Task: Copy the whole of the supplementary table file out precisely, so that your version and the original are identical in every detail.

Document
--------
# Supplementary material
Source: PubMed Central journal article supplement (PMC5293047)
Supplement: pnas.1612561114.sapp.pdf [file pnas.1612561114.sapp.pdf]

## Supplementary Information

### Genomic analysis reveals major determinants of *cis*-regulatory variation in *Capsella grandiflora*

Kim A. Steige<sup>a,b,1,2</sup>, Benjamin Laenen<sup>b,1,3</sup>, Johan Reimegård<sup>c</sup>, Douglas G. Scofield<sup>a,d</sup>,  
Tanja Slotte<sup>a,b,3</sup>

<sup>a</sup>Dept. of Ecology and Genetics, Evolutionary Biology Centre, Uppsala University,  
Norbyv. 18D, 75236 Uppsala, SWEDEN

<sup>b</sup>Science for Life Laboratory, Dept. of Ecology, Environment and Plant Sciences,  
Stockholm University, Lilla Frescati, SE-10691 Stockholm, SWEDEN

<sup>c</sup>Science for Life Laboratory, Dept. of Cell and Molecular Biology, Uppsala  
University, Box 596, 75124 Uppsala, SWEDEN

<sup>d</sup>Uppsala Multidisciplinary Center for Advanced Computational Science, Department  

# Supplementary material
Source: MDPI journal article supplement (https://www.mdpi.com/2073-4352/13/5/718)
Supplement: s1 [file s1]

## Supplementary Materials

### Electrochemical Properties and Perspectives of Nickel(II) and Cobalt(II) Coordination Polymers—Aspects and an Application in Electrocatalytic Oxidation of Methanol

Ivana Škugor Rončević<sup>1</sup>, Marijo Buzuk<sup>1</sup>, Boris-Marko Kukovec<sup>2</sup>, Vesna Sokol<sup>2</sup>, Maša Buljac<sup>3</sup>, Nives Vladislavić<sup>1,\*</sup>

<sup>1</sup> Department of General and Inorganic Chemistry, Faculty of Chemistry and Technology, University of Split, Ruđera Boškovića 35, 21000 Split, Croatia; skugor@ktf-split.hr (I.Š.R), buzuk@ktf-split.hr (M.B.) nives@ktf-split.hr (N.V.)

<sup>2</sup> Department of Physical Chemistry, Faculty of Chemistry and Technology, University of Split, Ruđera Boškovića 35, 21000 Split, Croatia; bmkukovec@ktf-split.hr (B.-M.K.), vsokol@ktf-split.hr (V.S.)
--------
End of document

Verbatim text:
# Supplementary material
Source: PubMed Central journal article supplement (PMC5293047)
Supplement: pnas.1612561114.sapp.pdf [file pnas.1612561114.sapp.pdf]

## Supplementary Information

### Genomic analysis reveals major determinants of *cis*-regulatory variation in *Capsella grandiflora*

Kim A. Steige<sup>a,b,1,2</sup>, Benjamin Laenen<sup>b,1,3</sup>, Johan Reimegård<sup>c</sup>, Douglas G. Scofield<sup>a,d</sup>,  
Tanja Slotte<sup>a,b,3</sup>

<sup>a</sup>Dept. of Ecology and Genetics, Evolutionary Biology Centre, Uppsala University,  
Norbyv. 18D, 75236 Uppsala, SWEDEN

<sup>b</sup>Science for Life Laboratory, Dept. of Ecology, Environment and Plant Sciences,  
Stockholm University, Lilla Frescati, SE-10691 Stockholm, SWEDEN

<sup>c</sup>Science for Life Laboratory, Dept. of Cell and Molecular Biology, Uppsala  
University, Box 596, 75124 Uppsala, SWEDEN

<sup>d</sup>Uppsala Multidisciplinary Center for Advanced Computational Science, Department  

# Supplementary material
Source: MDPI journal article supplement (https://www.mdpi.com/2073-4352/13/5/718)
Supplement: s1 [file s1]

## Supplementary Materials

### Electrochemical Properties and Perspectives of Nickel(II) and Cobalt(II) Coordination Polymers—Aspects and an Application in Electrocatalytic Oxidation of Methanol

Ivana Škugor Rončević<sup>1</sup>, Marijo Buzuk<sup>1</sup>, Boris-Marko Kukovec<sup>2</sup>, Vesna Sokol<sup>2</sup>, Maša Buljac<sup>3</sup>, Nives Vladislavić<sup>1,\*</sup>

<sup>1</sup> Department of General and Inorganic Chemistry, Faculty of Chemistry and Technology, University of Split, Ruđera Boškovića 35, 21000 Split, Croatia; skugor@ktf-split.hr (I.Š.R), buzuk@ktf-split.hr (M.B.) nives@ktf-split.hr (N.V.)

<sup>2</sup> Department of Physical Chemistry, Faculty of Chemistry and Technology, University of Split, Ruđera Boškovića 35, 21000 Split, Croatia; bmkukovec@ktf-split.hr (B.-M.K.), vsokol@ktf-split.hr (V.S.)